Weary Is The Head That Wears The Crown
Forgive me, I thought I'd said my good-bye already But they won't let you leave. There is a King now, yet you still wear the crown. They have you on a schedule, running along roads and borders and leaving you to lie in state, at the front of an impossibly long line up of people. Your queue has its own Youtube site—proof I suppose, that people still desperately need to pay their respects, or perhaps just to share the last warmth of your matriarchy.
Others (not in the queue) express disdain for you and want this somewhat endless and sad celebration of life to be over; those who see you as a symbol for all that is wrong with a monarchy. It's incredible that you still wear history—all of it apparently—upon your head.
You came to the throne so incredibly young for so much responsibility. You had no choice. You took it on. You gave birth to four children. You gave counsel to, or maybe endured, fifteen British Prime Ministers. There were wars and strikes, scandals and deaths capable of crushing the strongest of leaders. You oversaw the independence of countries within your realm. You learned as you went along. And you did so with your own unique style and panache. In time, your visibility diminished under technological expansionism. Your sphere of public influence was replaced by the lives and opinions of jesters and thespians, dancers and musicians and poets. The world fell under the influence of radical socialists, mega capitalists, and occasional despots—most of whom would rather you move on.
But for the rest of us, we liked that you were always there when times got tough, when families gathered. When heroism and decency prevailed.
I grew up on a farm, on the prairies, in your commonwealth, but I don't recall ever feeling that you made my life better, or that you and your royal predecessors made better the lives of the people who lived on that land before me. In fact you were a figurehead for an empire with blood on its hands, a woman with a voice who could have said more than you did. We would have listened. Somehow, we're still listening, still hoping for a better world, though the abbey is silent.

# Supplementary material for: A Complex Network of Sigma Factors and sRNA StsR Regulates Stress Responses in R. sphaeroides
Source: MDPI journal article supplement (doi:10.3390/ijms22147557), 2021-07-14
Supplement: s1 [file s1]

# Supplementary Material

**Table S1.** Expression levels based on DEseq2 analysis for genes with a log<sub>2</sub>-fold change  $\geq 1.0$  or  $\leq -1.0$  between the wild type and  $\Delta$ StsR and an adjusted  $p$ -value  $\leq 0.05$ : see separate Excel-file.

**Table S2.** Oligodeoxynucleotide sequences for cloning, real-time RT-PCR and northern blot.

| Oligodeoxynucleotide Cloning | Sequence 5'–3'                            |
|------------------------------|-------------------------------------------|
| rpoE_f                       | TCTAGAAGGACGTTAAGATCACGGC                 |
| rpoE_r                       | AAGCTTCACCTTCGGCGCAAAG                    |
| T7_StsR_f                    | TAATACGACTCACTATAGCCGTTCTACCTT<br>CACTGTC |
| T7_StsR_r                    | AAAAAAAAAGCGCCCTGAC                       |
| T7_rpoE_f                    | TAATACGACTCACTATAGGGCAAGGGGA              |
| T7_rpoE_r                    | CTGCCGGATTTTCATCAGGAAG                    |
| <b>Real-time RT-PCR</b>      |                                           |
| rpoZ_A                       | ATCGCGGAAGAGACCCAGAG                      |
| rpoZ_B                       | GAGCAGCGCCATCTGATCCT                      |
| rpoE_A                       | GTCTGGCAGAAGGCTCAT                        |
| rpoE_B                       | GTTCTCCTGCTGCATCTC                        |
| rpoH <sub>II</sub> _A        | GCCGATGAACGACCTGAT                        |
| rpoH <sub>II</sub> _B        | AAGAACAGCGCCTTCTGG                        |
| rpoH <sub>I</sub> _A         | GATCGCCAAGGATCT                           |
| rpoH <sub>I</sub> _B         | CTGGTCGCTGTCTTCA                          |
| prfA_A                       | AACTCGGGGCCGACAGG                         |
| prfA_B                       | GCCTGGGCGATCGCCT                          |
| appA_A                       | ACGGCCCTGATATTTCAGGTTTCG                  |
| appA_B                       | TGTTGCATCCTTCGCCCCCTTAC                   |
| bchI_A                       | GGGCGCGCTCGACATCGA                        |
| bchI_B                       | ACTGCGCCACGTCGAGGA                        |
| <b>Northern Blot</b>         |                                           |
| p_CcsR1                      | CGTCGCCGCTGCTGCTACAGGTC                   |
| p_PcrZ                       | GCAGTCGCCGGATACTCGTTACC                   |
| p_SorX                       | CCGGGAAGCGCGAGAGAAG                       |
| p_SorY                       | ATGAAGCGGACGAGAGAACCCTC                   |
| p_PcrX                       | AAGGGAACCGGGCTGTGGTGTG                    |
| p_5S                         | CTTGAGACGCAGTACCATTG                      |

I do admire the list of powerful women who at one time or another pushed aside, thwarted and destroyed the plots of men—a list that surely includes yourself. Today, I herald an ironic view of the monarchy. And I admit, once or twice, when young and dream-filled, I probably lay on the wild grass of some hillside, or in some wind-tousled wheat field beneath cotton clouds, and wished I was a Queen. It's a wonderful day dream—to imagine being doted upon, to have unlimited wealth, great castles, horses and dogs and people to look after all of it.
It's really only the stuff of glossy storybooks and childish lore. A wish that each of us has made in our lifetime, though few could have been so committed--above all else—to the crown. It was your promise, and you kept it.
I imagine you dreamt from time to time of having no celebrity, no history to uphold, no great responsibility, no need to seek forgiveness--to be well loved by only a few.
Shakespeare wrote: Uneasy lies the head that wears the crown. I bet no future King shall ever wear it as well as you did, Elizabeth. And I'll also wager that you are ready to join history, once and for all. So go on girl, give it a toss.
Rock on, Elizabeth.